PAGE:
Costellow said that even though the students at Teranga in level one may be junior high age, they still need to be taught the fundamental basics of their education. Some of the teachers at Teranga are elementary teachers and are there because of their skill and ability to teach those concepts.

The goal for level two students is for them to reach a sixth grade proficiency level, Teranga Academy said. With level three, the goal is “eighth or ninth grade proficiency, including the intentional transition to Bowling Green Junior High or Bowling Green High School,” Teranga Academy’s website said.

It is expected that after one to three years, students from Teranga will be prepared to transition into the Bowling Green Junior or High School. Since students may come in with varying levels of education, it could take different times for different students.

“In general, this is a student’s first stop when they come to the US, and the goal of this school is to help them get acclimated to what does American school look like and what are the expectations,” Costellow said.

Costellow said students are placed into a level when they first begin at Teranga, based on their current ability – not age or traditional grade levels. If needed, students can shift between levels to find the one that is right for them.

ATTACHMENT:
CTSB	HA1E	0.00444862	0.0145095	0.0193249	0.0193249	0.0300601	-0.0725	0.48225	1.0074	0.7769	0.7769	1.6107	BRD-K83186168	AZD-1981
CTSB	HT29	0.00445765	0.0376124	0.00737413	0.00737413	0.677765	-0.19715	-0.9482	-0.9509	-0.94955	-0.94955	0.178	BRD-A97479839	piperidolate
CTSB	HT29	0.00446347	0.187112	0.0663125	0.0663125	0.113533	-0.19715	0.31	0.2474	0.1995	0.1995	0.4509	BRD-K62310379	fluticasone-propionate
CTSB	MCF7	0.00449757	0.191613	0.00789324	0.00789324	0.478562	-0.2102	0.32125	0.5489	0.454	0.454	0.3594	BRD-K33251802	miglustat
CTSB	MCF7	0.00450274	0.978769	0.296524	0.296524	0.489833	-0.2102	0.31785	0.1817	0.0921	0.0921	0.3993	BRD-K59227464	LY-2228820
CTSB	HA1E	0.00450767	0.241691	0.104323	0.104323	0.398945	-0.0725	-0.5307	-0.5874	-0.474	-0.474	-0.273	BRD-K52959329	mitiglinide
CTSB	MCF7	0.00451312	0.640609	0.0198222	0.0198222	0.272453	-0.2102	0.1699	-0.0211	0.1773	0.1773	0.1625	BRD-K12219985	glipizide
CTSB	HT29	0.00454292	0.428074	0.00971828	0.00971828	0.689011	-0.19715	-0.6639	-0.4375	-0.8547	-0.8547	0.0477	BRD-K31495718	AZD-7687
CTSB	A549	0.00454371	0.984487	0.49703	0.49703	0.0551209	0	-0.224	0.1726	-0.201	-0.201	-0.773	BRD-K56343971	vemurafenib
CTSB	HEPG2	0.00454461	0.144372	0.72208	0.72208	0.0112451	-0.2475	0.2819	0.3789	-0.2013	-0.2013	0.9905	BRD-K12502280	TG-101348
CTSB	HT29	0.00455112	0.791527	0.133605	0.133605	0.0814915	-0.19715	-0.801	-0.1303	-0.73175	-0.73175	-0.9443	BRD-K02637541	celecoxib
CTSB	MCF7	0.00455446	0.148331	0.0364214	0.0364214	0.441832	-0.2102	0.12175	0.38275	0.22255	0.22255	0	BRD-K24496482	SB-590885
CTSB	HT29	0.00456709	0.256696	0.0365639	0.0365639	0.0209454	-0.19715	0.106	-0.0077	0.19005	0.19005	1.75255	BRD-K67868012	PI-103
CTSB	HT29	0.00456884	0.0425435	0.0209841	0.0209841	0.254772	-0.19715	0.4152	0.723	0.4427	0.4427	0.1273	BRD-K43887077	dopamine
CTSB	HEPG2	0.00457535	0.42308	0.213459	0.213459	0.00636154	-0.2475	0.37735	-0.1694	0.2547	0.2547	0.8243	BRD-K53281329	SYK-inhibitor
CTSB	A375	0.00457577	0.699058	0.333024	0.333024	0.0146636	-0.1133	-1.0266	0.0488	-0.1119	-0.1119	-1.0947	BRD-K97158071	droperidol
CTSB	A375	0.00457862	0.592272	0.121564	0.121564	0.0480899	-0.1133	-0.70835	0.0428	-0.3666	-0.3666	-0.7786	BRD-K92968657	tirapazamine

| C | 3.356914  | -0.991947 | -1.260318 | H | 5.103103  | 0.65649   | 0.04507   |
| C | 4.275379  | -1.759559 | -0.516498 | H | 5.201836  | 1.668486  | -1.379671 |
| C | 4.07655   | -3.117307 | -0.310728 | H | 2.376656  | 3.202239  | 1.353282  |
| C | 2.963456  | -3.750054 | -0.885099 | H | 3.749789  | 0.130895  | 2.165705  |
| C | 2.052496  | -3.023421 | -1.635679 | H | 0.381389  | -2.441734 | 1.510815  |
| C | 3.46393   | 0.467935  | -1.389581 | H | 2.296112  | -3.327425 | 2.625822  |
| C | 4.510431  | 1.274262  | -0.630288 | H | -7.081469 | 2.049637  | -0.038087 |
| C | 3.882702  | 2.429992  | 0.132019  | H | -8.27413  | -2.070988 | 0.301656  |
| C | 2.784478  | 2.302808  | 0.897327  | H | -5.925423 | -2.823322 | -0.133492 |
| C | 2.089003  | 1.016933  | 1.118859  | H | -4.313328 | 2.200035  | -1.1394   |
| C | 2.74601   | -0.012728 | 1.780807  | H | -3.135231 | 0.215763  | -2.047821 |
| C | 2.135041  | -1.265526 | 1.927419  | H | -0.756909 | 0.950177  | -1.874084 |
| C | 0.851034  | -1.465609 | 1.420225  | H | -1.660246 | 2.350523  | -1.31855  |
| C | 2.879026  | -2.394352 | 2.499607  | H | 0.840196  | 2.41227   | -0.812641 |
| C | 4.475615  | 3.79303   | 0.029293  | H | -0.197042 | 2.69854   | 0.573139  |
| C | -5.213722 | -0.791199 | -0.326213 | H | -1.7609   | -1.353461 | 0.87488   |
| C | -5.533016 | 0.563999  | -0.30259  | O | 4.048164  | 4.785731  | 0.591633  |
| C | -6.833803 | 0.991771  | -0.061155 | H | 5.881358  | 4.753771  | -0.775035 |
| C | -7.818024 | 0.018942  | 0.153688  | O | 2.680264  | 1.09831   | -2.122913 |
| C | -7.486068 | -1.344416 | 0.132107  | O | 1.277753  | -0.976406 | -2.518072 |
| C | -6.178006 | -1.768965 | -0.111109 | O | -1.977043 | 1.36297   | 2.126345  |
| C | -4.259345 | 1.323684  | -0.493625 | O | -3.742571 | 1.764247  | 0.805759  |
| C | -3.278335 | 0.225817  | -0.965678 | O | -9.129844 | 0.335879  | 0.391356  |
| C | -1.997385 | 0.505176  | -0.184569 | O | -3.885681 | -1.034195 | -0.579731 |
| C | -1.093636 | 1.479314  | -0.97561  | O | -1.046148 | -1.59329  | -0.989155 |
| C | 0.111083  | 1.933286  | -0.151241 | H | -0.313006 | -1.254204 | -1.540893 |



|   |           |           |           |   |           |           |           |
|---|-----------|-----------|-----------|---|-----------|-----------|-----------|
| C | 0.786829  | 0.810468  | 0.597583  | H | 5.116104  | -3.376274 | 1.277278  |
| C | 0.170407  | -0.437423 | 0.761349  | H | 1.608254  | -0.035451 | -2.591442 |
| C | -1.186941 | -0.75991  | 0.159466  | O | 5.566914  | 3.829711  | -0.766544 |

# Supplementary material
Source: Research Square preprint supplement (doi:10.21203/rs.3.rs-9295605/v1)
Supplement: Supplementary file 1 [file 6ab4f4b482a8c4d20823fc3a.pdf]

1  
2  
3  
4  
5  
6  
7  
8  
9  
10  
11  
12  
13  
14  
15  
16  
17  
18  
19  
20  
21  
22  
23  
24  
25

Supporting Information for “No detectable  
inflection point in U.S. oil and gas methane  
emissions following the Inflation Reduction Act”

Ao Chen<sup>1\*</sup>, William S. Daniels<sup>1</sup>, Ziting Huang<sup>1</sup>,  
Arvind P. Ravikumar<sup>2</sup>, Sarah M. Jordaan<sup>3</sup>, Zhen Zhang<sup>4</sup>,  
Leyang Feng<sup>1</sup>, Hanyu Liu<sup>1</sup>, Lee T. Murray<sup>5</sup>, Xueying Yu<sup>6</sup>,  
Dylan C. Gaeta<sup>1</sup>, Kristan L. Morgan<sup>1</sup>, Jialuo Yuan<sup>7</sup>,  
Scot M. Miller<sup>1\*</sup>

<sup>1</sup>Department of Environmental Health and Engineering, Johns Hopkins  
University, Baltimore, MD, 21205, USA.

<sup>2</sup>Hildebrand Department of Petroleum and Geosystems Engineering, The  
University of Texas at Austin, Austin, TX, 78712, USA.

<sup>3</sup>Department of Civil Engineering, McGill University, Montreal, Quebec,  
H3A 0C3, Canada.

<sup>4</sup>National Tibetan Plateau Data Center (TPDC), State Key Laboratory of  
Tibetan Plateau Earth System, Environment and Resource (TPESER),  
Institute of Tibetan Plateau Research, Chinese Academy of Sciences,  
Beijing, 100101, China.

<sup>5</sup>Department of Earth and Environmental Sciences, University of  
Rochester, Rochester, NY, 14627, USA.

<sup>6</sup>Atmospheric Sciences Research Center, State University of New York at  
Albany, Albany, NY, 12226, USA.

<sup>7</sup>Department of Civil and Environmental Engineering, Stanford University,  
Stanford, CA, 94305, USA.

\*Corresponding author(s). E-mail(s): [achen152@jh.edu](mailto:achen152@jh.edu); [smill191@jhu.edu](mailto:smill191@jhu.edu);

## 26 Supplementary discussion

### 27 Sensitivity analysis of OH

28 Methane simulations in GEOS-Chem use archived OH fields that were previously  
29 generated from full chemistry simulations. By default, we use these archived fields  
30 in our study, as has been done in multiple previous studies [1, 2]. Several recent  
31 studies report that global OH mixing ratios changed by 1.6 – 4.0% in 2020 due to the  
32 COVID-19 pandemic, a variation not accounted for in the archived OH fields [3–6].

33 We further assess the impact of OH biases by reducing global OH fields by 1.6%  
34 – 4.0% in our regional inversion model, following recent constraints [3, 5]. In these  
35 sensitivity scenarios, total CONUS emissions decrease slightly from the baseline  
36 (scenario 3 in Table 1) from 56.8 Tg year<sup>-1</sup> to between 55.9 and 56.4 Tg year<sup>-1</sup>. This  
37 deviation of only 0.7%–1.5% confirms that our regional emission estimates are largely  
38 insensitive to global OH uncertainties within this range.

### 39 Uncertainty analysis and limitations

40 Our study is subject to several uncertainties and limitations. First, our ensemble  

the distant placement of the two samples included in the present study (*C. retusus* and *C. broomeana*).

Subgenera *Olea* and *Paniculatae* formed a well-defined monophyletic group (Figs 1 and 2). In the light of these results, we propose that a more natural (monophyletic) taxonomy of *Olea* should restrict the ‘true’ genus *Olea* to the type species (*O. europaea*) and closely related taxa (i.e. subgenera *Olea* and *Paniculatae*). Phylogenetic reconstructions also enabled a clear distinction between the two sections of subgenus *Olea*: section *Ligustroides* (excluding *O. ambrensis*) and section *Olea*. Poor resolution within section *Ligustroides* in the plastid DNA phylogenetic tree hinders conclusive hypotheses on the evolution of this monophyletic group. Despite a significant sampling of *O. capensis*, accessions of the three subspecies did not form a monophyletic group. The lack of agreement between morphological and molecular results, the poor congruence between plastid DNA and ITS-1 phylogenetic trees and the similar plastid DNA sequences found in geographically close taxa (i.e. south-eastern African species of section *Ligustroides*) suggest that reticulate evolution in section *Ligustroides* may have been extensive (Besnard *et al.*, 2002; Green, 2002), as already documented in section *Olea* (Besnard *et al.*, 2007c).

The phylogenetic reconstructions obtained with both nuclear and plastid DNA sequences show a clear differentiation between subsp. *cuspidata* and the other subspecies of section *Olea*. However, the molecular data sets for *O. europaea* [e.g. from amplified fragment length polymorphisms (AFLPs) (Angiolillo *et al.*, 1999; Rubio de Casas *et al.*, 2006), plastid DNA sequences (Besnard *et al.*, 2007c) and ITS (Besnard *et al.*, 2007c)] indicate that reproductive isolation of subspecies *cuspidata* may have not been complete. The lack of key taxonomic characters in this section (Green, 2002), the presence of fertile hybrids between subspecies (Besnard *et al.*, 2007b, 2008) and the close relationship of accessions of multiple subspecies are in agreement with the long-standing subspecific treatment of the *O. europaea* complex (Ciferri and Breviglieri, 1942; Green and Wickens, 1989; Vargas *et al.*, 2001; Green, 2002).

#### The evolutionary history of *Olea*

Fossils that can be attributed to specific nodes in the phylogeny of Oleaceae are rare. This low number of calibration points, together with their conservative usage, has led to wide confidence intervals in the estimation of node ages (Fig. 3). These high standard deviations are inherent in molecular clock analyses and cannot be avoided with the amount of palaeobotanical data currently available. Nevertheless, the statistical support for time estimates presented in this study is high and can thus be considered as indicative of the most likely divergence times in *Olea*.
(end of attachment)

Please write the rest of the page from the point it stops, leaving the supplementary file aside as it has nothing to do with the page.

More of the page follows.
“It is meant to be a safe environment for learning, where there is no shame in being a beginner,” Costellow said.

Teachers at Teranga teach different subjects, as well as different level classes. In addition to the primary teachers, the school has “cultural liaisons” that are utilized in the classroom.

These cultural liaisons speak the home language of students, and can be a bridge in communication with students and teachers. There are currently seven cultural liaisons at Teranga Academy, and they are used within the classroom daily.

Sports and physical movement are key factors within the Fugees Family program, and that is being mirrored in Teranga Academy.

Teranga Academy yoga instructor Liz Heller and a student participate in a morning yoga class. (Emilee Arnold)

Students begin each day with a “movement” class in either yoga or martial arts, Costellow said. Students also play soccer every day as a part of the curriculum.

Soccer is a very important aspect to the school, and it is used to build community among the students. Students regularly play at Lampkin Park, but in the winter or in inclement weather play soccer in the gym area of the school.

The soccer teams compete against one another and are highly competitive amongst students. This past winter when playing inside, students created a competition with paired matches against the teams, Costellow said.

Not only are sports important within Teranga, but arts and music as well.

Costellow explained that in art and music classes, less English language skills are needed, so students can learn the concepts easier. Using repetitive language within art and music may be easier for students to understand.

The two main languages of students at Teranga are Spanish and Swahili, with students coming from more countries than languages spoken, Costellow said.